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By Panman
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#440432
I don't think those are pygmies. They look like rotundafolia to me. If they are pygmies, you may be in trouble in that pot. Pygmies have very long, hair thin roots that break very easily. For that reason, it is next to impossible to transplant the plants without them dying. You might try slip potting it into at least a 6 inch deep pot. But I still think they aren't pygmies.
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By Panman
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#440449
Okay, it may be a pygmy. Maybe omissa? You are facing a bigger issue because of the size of the tap root of pygmies. I had one growing in a pot that was 2 inches deep. The root grew out the bottom, and when I lifted it out of the water tray the root snapped off, killing the plant.

My idea, and it is only an idea, would be to plant the whole pot inside another deeper pot. That way the root could grow out through the drainage hole into the deeper pot.

The other option is a slip potting, but that is touch and go with pygmies. Perhaps someone else will chime in.
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By smolrat61
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Joined:  Mon Oct 02, 2023 7:43 am
#442964
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[mention]Panman [/mention] speaking of Pygmy sundews, in case you were wondering! I tried slip potting them (and immediately ordered some gemmae in case it didn’t work out LOL) and it seemed to be fine! I think I might’ve damaged the one on the right’s roots; you were right they are super fragile; since some of the leaves browned but then recovered!
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By andynorth
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#442970
I guess it would have been wise to ask around here about Pygmies before I dove head first in to them. Glad everyone, including @Panman and @madrone chimed in so I will know what to and not to do in the future. Will be getting them in to bigger pots this weekend.
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By DragonsEye
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Joined:  Sat Oct 01, 2016 1:22 pm
#442972
As far as an ID goes good luck with that. Most pygmies look pretty much, the same foliage-wise. Many even have similar looking flowers, so unless you can get the name from the seller, they will remain NoIDs.

Has mentioned, pygmies are notoriously difficult to transplant. Young ones are not as bad as mature ones simply because they haven’t out the route all the way yet. But even they can be very touchy about repotting..
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By Intheswamp
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#442980
My brevifolia (the smallest sundew in North America) first came in its native soil. They needed potting so I concocted a great peat and perlite mix to plant them in. I delicately moved the plants into their new giant (2-3/4" square) pot/home. I carefully watered and gave them good sunlight...gradually hardening them off to full sun. They sent up tiny little flower stalks but, no matter what I did, they all gradually died on me. :shock: :(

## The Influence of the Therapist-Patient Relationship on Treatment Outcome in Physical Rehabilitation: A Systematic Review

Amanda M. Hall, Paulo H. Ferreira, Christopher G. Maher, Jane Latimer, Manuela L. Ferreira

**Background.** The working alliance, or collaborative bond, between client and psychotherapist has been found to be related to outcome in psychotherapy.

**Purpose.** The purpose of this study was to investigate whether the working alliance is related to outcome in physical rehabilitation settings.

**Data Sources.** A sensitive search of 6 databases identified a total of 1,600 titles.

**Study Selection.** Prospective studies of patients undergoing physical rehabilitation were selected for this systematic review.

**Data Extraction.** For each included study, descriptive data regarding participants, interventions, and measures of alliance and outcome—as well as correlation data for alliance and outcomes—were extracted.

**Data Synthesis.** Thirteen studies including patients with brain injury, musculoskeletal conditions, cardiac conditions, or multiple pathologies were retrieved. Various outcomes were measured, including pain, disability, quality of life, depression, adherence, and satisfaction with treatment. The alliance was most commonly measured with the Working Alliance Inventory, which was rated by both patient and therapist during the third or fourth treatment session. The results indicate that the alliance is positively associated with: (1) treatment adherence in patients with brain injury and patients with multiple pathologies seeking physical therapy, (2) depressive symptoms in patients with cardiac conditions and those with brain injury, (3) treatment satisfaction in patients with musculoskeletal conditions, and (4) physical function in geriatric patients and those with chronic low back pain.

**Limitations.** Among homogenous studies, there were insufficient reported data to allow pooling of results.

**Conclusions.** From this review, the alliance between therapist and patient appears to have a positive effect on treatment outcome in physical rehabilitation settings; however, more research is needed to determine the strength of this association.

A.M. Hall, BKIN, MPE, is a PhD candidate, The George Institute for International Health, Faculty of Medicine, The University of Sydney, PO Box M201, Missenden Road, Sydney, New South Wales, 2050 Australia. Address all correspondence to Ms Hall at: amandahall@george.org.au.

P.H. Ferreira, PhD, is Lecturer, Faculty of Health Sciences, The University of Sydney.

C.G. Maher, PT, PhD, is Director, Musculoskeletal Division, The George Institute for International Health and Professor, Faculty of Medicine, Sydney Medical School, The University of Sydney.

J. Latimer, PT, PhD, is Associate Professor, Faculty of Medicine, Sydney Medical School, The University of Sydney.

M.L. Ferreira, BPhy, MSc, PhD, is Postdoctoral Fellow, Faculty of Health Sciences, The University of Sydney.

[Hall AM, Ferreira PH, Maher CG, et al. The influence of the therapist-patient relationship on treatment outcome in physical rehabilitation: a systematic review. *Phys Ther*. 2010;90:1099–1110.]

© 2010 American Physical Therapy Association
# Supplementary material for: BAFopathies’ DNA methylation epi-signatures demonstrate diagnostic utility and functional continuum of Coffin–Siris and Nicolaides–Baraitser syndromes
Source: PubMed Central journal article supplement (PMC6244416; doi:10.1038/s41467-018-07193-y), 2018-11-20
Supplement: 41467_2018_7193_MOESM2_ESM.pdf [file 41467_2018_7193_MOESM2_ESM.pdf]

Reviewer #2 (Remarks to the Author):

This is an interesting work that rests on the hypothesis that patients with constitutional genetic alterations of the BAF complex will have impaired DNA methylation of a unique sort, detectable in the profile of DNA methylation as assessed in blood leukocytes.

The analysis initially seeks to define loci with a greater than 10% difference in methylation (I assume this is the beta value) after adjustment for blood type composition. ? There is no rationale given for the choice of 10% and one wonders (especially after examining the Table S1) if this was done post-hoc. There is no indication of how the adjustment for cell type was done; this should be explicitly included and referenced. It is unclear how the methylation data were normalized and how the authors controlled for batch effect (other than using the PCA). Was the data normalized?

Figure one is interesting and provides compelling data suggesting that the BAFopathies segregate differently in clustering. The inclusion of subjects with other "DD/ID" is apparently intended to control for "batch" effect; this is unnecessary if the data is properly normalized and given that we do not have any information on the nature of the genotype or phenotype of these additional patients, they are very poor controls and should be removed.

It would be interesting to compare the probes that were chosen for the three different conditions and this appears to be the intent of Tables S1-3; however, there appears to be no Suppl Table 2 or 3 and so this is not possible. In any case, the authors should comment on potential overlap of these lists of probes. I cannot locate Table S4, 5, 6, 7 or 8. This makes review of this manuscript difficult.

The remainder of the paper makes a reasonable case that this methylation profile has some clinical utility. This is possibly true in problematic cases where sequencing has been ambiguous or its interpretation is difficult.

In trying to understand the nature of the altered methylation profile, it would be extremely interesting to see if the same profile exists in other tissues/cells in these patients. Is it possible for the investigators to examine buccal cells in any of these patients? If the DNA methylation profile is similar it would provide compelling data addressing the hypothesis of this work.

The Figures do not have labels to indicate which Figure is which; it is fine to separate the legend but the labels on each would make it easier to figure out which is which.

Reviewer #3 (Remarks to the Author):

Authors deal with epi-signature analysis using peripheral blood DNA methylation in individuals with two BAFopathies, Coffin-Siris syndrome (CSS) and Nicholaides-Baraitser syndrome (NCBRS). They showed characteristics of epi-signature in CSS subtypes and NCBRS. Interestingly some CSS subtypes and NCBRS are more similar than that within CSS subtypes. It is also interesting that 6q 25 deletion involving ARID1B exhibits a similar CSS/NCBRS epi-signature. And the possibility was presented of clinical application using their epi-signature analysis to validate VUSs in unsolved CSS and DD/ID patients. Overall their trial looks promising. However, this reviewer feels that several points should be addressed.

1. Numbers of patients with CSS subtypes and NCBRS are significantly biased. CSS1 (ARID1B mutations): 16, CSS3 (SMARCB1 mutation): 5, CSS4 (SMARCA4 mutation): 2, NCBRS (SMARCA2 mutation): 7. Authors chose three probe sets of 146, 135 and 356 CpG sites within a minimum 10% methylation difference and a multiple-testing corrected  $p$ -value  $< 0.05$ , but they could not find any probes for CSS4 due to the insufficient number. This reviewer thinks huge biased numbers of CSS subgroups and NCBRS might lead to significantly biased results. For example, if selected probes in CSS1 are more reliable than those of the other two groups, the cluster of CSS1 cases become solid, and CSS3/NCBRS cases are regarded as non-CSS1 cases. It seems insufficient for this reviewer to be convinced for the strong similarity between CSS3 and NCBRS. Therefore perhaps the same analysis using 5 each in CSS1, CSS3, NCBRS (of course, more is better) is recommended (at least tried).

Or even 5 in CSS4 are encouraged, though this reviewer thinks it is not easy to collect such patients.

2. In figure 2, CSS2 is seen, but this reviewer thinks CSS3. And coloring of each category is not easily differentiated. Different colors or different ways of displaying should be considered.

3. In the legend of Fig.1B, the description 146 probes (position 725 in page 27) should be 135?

I kept the little pot of sitting on the table outside, probably just because I procrastinated tossing it. One day I walk by and catch a speck or two of red in the pot. I look closer and there are several tiny seedling sitting there just as happy as could be!!! :D I was thinking the entire time that it was transplanting the pygmies into a soil that was foreign to them was what killed the adult plants but after reading this thread and Panman's explanation about the long, hair roots and that breaking those roots could easily kill the plants I'm thinking it was the transplanting that killed the adults. The seedlings have grown now and have produced seeds of their own...and I'm scared to move these adults being as I don't want to disturb the roots. Being annual plants I expect these adults to die eventually (they sure seem to be holding on good for now, though! :lol: ). The last batch of flower stalks that they've put out are short...read that as S.H.O.R.T....if they're a 1/4" tall, they're a foot tall...and they ain't a foot tall!!! :lol: It is kind of weird because the first round of flower stalks were all like 1" tall, maybe a touch over. :?: Anyhow, I'm thinking when (if?) the adults die back that I'll simply scalp off the top layer of debris...dead plants, flower stalks, loose seeds, etc., and lay it on top of the grow-mix in a larger, deeper pot. I'm really glad to find out about the root situation with them!!!!
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By Panman
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#442981
Regarding brevifolia, they do have small tap roots, but they are also annual sundews. You can squeeze a couple of years out of them under artificial lights with regular feeding, but ultimately, they are going to die and resprout from seed. Want to know how I know? Experience is a good teacher.
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By andynorth
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#442995
Panman wrote: Fri Nov 24, 2023 5:44 pm Regarding brevifolia, they do have small tap roots, but they are also annual sundews. You can squeeze a couple of years out of them under artificial lights with regular feeding, but ultimately, they are going to die and resprout from seed. Want to know how I know? Experience is a good teacher.
So they just completely die away and make you think they are gone? Any other Pygmies that are like this?

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